Airmar 110WXS Ultrasonic WeatherStation Instrument
- Ultrasonic measurement of apparent and wind speed and angle
- Solar radiation shield provides stable, accurate temperature and relative humidity data
- Additional parameters: barometric pressure, calculated dew point, heat index and wind chill
|110WXS-RS422-100317||110WXS Ultrasonic WeatherStation, temperature, pressure, humidity & wind with NMEA 0183 (RS422) & NMEA 2000 (CAN Bus) output|
|33-619-01||NMEA 0183 output cable with bare leads, 10m|
|33-862-02||NMEA 0183 output cable with connector for USB data converter, 10m|
|33-801-01||USB data converter for WX Series instruments|
The model 110WXS is Airmar’s entry level solution for stationary, land-based weather monitoring applications. A complete multisensor WeatherStation, the 110WXS features a solar radiation shield for increased accuracy and stability of temperature and relative humidity. Ultrasonic wind measurement of wind speed and angle is virtually maintenance-free with no moving parts to wear out. Barometric pressure, as well as calculated wind chill and heat index round out the critical parameters being measured. The durable, rugged housing is IPX4 rated and designed to be deployed as an integral component for land-based stations.
- (1) 110WXS WeatherStation
- (1) Post mount with 1-14 UNS threads
- (1) WeatherCaster Software CD
- (1) Calibration Certificate
- (1) Owner's Manual
In The News
River management is inherently complex, demanding mastery of constantly dynamic conditions even when the climate is stable. As the climate changes, however, river management will become even more difficult and unpredictable—and old models and techniques are likely to fail more often.
Now, researchers from around the world are calling for attention and change to how we manage and model the rivers of the world. Dr. Jonathan Tonkin , a Rutherford Discovery Fellow at New Zealand's University of Canterbury , spoke to EM about why he is arguing that current tools for river management are no longer enough as even historical baseline river ecosystem conditions themselves are changing.
This summer a new way to learn about water recreation—and environmental stewardship—paddled into Ohio. With the help of the Toledo Metropolitan Area Council of Governments (TMACOG) , the US Environmental Protection Agency's (US EPA's) Urban Waters Program brought the Wilderness Inquiry Canoemobile “floating classroom” to Toledo for a few days.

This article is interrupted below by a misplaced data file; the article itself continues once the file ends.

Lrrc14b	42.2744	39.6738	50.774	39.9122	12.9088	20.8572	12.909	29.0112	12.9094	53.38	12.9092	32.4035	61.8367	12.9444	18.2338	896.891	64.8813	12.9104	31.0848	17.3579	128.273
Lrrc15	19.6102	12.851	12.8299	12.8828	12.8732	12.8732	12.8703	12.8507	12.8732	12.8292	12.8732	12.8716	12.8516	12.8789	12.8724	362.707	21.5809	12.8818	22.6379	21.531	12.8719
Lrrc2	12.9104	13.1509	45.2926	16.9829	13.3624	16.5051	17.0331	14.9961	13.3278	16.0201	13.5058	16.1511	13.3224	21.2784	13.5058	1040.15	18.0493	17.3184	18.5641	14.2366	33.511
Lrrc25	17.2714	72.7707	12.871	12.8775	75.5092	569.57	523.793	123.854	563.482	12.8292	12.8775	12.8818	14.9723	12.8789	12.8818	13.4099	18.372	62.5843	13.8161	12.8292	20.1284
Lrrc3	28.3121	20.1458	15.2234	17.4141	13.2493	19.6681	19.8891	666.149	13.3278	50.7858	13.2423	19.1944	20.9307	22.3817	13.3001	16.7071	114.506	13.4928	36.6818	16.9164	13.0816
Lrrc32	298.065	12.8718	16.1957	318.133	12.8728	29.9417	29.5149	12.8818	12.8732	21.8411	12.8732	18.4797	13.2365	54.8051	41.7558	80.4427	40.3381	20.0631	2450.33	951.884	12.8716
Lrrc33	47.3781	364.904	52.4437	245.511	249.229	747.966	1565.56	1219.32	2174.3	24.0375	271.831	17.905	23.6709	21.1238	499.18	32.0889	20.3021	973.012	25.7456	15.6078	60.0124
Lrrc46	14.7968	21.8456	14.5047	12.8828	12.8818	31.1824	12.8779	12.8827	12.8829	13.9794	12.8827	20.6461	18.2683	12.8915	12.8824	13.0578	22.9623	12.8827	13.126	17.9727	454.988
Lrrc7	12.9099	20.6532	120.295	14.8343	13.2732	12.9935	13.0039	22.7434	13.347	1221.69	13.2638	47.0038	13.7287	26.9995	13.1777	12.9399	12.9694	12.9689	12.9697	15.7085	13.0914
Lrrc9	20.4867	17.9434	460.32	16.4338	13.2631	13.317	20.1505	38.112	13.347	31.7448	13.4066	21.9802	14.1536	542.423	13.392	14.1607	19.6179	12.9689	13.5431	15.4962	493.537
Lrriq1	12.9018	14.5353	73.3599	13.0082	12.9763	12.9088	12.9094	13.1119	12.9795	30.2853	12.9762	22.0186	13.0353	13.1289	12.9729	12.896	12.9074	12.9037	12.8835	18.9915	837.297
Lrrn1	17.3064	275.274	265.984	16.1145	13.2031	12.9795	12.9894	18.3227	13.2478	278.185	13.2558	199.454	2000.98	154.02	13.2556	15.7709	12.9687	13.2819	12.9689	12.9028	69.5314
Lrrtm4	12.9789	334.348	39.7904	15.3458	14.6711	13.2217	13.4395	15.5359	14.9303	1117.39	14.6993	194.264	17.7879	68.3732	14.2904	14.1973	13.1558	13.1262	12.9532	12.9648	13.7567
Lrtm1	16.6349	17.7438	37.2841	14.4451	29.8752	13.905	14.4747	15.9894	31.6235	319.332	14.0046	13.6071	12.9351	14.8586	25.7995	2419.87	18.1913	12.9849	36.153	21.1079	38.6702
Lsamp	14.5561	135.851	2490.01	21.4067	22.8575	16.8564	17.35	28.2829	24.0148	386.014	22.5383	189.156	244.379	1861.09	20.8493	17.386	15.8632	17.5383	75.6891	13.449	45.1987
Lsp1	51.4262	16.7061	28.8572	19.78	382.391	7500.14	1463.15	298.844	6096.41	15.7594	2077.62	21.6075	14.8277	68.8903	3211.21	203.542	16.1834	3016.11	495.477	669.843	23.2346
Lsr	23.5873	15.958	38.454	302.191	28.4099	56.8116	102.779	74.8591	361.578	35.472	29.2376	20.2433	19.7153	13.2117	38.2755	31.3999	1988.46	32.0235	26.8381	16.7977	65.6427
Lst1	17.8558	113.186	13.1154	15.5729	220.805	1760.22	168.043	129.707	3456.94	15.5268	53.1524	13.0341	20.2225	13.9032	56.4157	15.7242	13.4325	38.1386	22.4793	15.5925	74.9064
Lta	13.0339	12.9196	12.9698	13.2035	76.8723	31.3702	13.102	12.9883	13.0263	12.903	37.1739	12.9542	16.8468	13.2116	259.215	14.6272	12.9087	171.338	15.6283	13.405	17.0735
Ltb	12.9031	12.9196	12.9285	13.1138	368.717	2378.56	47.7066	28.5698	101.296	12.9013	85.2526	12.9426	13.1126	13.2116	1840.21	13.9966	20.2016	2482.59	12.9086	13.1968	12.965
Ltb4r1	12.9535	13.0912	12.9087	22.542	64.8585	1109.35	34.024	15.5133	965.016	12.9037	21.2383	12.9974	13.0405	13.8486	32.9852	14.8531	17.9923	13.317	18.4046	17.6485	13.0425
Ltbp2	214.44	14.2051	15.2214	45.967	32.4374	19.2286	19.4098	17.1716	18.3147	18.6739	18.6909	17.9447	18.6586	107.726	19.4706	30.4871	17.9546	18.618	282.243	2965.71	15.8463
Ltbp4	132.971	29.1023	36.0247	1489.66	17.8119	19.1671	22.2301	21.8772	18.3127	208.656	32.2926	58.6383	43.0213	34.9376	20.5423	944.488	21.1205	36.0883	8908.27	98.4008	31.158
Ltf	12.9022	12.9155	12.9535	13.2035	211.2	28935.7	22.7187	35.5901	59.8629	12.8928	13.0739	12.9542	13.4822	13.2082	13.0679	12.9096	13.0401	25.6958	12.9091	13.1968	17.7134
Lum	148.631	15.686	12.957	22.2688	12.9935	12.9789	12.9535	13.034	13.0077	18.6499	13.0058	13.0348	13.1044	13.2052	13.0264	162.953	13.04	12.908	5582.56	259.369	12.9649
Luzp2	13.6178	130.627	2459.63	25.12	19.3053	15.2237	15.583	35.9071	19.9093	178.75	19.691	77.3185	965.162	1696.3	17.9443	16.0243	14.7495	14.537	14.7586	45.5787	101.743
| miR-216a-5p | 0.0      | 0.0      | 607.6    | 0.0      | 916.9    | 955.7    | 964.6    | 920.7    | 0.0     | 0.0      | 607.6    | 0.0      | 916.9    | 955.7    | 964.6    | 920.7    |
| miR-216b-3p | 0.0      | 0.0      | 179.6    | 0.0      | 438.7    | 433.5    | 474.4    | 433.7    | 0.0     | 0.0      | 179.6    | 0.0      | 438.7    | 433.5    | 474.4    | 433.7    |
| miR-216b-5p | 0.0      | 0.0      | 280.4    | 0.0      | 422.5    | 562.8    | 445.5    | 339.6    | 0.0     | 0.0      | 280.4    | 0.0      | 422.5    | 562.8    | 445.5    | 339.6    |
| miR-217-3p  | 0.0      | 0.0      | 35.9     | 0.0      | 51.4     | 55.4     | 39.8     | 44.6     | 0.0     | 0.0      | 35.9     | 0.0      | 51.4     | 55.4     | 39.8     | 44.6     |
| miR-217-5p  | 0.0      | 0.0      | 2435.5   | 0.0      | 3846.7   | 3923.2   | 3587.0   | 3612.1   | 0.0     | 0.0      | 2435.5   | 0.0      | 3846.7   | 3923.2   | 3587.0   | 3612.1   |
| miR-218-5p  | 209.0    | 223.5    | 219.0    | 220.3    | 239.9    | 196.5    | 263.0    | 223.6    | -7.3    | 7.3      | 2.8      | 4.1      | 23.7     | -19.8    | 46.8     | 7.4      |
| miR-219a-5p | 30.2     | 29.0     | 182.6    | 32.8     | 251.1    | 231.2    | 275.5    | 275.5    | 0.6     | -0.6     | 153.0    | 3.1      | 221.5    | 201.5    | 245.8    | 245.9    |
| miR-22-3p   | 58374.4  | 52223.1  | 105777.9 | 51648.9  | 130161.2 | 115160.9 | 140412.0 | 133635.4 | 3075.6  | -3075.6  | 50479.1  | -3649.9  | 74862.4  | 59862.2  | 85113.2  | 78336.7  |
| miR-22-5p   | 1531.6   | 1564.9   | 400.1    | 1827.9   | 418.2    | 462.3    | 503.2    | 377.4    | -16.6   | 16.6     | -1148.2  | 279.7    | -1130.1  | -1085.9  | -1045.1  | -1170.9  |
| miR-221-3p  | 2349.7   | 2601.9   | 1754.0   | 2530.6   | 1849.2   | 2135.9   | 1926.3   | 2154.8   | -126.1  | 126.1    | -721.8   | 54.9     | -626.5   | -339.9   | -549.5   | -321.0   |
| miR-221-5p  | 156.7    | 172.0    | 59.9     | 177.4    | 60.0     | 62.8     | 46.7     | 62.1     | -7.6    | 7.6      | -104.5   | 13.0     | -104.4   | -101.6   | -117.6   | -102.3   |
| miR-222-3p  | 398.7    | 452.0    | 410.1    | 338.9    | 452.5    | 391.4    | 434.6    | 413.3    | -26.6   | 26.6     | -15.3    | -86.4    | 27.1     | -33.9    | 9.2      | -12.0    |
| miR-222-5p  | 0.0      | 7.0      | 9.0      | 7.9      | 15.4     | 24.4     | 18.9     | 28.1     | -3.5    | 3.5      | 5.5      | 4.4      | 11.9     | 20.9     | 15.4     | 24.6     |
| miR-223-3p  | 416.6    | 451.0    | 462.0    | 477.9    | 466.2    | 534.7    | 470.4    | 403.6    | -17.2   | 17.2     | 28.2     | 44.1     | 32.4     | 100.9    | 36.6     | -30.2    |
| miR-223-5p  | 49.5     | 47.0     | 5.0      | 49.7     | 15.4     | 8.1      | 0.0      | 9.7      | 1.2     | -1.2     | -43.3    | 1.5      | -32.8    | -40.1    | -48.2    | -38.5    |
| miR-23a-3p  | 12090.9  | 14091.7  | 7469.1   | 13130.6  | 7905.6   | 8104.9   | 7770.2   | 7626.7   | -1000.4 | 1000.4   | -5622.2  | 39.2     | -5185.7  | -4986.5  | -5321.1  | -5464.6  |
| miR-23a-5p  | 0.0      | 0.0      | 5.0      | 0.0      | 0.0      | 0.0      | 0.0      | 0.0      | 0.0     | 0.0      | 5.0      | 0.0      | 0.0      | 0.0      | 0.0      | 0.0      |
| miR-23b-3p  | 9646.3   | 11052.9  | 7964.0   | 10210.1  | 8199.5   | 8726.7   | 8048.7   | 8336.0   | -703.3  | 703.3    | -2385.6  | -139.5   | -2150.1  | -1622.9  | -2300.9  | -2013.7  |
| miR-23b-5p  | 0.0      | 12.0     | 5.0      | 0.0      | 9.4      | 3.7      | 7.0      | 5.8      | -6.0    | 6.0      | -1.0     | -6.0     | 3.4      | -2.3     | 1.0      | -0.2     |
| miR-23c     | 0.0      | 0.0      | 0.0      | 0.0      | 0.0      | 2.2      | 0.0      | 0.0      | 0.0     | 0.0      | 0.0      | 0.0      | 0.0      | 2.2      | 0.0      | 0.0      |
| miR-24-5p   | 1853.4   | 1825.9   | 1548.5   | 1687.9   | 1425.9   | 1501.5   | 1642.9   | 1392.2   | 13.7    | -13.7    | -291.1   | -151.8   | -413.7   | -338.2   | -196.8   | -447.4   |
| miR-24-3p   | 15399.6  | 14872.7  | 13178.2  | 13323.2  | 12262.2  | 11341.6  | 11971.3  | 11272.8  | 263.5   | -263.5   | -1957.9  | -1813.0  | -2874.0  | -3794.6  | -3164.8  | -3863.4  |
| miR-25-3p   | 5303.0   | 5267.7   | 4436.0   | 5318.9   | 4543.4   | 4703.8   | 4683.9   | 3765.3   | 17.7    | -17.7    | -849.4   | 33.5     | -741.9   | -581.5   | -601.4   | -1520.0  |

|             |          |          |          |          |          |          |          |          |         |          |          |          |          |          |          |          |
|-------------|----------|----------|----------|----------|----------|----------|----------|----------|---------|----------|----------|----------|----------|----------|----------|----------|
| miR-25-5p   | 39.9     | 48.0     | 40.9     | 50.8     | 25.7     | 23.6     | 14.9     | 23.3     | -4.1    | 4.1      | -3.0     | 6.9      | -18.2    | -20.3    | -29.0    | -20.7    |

TMACOG Water Quality Planner Sara Guiher spoke to EM about the programming and the experience.
“In August of 2018 we spoke with a representative from US EPA Urban Waters,” explains Guiher. “We received funding through them to bring programming to the area focused on urban water resources. The person that we talked to from US EPA suggested Canoemobile, which we had never heard of.Read More
The North Carolina Wildlife Resources Commission ’s Inland Fisheries Division has been working to restore brook trout in the state. Coldwater research coordinator Jacob Rash, who works with the brook trout team technicians on this project, spoke to EM about the work.
“In North Carolina, brook trout are our only native trout species,” explains Mr. Rash. “With that come biological and ecological considerations as well as cultural importance. A lot of folks here grew up fishing for brook trout with their relatives, so it's an important species that we work to try to conserve. We've done quite a bit of work to figure out where those brook trout populations are and what they are, in terms of genetics.Read More